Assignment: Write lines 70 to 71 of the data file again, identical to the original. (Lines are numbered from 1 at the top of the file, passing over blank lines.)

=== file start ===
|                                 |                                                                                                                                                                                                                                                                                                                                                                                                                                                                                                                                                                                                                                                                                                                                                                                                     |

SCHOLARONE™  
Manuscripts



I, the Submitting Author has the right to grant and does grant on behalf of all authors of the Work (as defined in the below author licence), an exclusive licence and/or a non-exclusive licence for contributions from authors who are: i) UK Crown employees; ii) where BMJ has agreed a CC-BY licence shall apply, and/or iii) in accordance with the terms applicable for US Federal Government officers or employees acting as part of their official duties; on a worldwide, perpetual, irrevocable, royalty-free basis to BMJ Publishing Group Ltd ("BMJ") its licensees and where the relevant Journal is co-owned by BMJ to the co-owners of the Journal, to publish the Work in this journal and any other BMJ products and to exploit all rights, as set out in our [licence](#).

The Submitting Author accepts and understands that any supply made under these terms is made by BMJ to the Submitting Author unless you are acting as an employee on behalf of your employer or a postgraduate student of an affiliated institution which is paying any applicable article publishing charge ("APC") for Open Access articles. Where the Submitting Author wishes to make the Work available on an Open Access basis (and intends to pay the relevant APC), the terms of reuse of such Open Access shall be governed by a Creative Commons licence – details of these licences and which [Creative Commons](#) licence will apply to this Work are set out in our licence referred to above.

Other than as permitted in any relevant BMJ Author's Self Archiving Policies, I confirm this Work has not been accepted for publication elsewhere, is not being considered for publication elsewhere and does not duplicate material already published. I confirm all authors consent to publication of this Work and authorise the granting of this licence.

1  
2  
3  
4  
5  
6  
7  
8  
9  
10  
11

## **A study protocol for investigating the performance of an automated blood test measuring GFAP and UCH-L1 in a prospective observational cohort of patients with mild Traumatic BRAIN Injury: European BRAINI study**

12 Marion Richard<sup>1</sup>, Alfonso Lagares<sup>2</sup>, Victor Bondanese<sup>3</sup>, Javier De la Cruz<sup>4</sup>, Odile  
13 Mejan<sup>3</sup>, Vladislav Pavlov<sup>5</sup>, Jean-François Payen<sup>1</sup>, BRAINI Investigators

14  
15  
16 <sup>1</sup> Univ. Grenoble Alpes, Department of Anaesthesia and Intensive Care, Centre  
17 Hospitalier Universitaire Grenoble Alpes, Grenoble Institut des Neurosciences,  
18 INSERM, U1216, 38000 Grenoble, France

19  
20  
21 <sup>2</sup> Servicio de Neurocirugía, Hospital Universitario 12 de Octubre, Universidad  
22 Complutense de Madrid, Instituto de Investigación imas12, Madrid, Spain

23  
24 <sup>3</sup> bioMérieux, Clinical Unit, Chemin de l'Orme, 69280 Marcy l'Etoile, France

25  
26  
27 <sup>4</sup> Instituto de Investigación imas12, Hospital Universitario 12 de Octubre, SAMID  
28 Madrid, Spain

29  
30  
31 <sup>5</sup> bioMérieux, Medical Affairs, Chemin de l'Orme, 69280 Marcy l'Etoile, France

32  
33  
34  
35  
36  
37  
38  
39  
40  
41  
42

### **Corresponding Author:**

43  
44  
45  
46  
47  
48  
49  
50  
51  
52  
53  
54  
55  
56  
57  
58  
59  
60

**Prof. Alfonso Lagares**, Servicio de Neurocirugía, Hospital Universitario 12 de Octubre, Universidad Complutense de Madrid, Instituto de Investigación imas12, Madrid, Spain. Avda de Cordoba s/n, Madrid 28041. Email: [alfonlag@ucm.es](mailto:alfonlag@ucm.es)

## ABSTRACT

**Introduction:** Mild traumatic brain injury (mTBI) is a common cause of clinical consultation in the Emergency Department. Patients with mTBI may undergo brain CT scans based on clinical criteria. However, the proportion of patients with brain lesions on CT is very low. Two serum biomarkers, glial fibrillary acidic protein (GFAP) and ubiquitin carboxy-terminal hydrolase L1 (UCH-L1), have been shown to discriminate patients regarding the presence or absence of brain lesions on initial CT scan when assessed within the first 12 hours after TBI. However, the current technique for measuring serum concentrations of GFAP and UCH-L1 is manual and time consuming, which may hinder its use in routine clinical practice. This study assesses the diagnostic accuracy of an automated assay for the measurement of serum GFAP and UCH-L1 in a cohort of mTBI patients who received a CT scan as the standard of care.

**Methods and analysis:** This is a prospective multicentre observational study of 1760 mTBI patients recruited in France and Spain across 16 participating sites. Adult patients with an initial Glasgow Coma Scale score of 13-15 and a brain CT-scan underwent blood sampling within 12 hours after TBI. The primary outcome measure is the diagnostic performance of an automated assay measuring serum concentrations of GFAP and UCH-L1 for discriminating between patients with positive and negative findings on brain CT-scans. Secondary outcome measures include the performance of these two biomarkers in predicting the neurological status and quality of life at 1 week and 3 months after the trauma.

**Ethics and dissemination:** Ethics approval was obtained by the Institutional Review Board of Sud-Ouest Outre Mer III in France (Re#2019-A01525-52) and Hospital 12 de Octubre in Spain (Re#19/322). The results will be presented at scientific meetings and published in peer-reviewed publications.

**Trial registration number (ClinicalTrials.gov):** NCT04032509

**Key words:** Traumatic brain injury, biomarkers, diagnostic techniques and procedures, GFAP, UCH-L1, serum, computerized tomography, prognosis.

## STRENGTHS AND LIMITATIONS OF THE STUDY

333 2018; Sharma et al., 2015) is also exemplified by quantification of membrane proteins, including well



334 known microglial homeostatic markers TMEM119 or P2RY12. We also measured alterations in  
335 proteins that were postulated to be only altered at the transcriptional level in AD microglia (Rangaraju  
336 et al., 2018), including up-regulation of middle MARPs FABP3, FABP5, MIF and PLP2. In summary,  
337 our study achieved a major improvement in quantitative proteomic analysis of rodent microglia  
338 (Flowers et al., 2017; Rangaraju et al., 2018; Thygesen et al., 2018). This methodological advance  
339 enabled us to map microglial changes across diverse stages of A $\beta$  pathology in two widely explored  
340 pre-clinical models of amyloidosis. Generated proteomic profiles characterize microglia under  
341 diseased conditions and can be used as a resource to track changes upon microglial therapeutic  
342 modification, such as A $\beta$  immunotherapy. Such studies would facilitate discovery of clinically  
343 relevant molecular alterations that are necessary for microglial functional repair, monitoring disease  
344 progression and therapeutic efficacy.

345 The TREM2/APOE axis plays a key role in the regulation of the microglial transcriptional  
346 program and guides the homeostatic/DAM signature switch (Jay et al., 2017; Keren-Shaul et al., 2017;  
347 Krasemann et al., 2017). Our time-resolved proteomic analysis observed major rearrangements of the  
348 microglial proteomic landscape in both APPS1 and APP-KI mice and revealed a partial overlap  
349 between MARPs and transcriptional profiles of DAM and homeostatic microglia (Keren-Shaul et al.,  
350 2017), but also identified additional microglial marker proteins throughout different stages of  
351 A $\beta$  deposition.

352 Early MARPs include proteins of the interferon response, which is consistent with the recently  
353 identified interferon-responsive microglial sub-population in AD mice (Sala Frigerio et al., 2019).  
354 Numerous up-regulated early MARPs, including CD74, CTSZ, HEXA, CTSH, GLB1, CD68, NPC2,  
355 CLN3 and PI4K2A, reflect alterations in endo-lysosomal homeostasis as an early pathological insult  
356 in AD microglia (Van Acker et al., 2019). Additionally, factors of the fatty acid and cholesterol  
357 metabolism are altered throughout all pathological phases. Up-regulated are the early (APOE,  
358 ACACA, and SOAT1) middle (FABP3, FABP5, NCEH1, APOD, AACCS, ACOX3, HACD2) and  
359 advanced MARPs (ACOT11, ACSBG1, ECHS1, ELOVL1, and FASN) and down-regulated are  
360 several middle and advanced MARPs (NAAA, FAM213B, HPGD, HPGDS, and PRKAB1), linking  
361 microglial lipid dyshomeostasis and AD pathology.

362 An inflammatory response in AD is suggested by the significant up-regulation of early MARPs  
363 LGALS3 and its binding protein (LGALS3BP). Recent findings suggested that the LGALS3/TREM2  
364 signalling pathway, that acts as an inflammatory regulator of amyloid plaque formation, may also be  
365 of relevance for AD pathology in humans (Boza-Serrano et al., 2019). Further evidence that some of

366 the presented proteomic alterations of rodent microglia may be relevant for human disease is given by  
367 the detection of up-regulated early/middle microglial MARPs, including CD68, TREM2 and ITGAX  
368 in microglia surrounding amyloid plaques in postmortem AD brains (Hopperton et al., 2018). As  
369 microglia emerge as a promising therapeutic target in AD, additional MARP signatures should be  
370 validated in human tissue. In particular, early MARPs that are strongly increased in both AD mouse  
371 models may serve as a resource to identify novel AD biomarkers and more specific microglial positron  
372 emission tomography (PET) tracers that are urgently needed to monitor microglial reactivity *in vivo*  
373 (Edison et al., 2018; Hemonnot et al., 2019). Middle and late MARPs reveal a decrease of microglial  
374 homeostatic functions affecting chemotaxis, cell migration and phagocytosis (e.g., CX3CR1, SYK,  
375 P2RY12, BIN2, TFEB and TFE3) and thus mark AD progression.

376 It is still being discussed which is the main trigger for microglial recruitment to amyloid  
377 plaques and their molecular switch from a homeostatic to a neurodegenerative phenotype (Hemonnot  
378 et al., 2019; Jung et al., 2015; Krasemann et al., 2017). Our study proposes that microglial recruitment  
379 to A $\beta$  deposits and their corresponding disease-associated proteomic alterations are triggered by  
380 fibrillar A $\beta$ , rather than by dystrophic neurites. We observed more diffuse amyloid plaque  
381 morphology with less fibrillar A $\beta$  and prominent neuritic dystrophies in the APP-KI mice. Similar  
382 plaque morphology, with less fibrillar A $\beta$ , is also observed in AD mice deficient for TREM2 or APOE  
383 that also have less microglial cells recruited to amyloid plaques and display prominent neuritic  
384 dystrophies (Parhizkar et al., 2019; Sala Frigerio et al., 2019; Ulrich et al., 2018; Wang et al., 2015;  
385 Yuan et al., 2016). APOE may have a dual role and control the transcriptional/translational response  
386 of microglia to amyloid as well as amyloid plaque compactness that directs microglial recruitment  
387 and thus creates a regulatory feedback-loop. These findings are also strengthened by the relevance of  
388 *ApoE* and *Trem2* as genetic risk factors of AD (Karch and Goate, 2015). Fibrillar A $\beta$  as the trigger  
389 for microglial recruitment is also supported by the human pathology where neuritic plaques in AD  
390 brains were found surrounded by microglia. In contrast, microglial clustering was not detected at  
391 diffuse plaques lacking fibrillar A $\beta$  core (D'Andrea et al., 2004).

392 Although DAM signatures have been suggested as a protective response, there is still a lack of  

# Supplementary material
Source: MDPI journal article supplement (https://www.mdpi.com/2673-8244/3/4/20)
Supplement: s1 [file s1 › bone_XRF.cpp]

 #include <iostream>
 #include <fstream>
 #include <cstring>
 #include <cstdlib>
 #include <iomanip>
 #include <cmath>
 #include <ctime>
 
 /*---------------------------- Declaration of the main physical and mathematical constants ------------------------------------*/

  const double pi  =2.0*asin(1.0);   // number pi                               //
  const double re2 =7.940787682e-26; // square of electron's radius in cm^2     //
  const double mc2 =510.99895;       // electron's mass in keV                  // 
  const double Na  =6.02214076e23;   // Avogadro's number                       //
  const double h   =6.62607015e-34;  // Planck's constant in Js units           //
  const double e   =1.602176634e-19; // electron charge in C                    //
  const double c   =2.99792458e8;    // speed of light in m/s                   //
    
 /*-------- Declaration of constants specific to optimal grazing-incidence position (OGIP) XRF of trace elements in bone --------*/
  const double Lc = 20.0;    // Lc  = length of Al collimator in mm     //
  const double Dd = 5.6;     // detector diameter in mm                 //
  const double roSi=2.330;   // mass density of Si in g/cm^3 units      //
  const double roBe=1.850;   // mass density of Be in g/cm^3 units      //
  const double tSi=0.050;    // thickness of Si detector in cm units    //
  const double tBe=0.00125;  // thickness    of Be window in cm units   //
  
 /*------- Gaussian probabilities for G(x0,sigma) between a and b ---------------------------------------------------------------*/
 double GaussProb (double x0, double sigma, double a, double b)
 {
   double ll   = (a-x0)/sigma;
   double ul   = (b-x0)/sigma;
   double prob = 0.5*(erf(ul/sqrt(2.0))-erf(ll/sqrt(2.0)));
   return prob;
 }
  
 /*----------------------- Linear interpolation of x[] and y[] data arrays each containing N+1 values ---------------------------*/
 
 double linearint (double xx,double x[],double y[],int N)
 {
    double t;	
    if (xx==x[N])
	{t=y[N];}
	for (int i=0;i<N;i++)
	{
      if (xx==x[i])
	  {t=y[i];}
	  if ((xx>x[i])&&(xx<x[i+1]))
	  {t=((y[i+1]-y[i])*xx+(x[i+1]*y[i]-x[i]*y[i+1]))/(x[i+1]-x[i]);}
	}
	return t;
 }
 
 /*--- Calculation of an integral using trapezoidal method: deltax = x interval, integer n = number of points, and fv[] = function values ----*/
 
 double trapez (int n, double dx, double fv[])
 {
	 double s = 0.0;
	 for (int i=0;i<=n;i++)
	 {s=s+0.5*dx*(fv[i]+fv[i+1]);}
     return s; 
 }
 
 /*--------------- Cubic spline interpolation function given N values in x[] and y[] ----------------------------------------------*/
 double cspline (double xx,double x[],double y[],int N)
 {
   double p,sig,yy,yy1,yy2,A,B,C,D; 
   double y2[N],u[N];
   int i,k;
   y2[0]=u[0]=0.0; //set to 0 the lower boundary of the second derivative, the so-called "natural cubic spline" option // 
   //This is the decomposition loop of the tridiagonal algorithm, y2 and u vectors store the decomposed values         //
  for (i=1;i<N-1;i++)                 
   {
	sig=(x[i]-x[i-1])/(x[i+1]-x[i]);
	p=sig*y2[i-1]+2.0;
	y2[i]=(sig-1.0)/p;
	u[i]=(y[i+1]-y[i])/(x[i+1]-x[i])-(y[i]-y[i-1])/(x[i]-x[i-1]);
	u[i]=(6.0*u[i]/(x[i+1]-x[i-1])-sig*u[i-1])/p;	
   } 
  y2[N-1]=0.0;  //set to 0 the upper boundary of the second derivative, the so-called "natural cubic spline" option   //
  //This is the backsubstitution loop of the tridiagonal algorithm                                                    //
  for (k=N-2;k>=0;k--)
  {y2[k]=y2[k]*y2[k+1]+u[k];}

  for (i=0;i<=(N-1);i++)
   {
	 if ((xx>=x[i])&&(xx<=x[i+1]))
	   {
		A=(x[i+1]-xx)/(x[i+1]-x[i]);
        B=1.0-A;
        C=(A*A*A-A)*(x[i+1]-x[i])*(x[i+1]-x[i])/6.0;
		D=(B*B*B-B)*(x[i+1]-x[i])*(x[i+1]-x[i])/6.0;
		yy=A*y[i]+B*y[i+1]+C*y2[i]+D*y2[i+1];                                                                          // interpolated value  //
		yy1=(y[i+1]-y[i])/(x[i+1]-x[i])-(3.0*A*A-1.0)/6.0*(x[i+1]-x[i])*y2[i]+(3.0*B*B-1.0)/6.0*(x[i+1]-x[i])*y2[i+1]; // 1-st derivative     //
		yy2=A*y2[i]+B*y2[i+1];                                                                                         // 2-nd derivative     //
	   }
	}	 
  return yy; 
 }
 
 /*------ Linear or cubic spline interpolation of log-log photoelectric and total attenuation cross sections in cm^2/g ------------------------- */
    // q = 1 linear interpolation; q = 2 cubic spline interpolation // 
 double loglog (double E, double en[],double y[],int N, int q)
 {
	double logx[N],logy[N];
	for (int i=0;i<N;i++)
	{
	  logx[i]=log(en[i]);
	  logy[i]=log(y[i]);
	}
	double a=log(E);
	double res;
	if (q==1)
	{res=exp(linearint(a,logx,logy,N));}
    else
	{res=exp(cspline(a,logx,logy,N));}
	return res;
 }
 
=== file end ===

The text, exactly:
## ABSTRACT

**Introduction:** Mild traumatic brain injury (mTBI) is a common cause of clinical consultation in the Emergency Department. Patients with mTBI may undergo brain CT scans based on clinical criteria. However, the proportion of patients with brain lesions on CT is very low. Two serum biomarkers, glial fibrillary acidic protein (GFAP) and ubiquitin carboxy-terminal hydrolase L1 (UCH-L1), have been shown to discriminate patients regarding the presence or absence of brain lesions on initial CT scan when assessed within the first 12 hours after TBI. However, the current technique for measuring serum concentrations of GFAP and UCH-L1 is manual and time consuming, which may hinder its use in routine clinical practice. This study assesses the diagnostic accuracy of an automated assay for the measurement of serum GFAP and UCH-L1 in a cohort of mTBI patients who received a CT scan as the standard of care.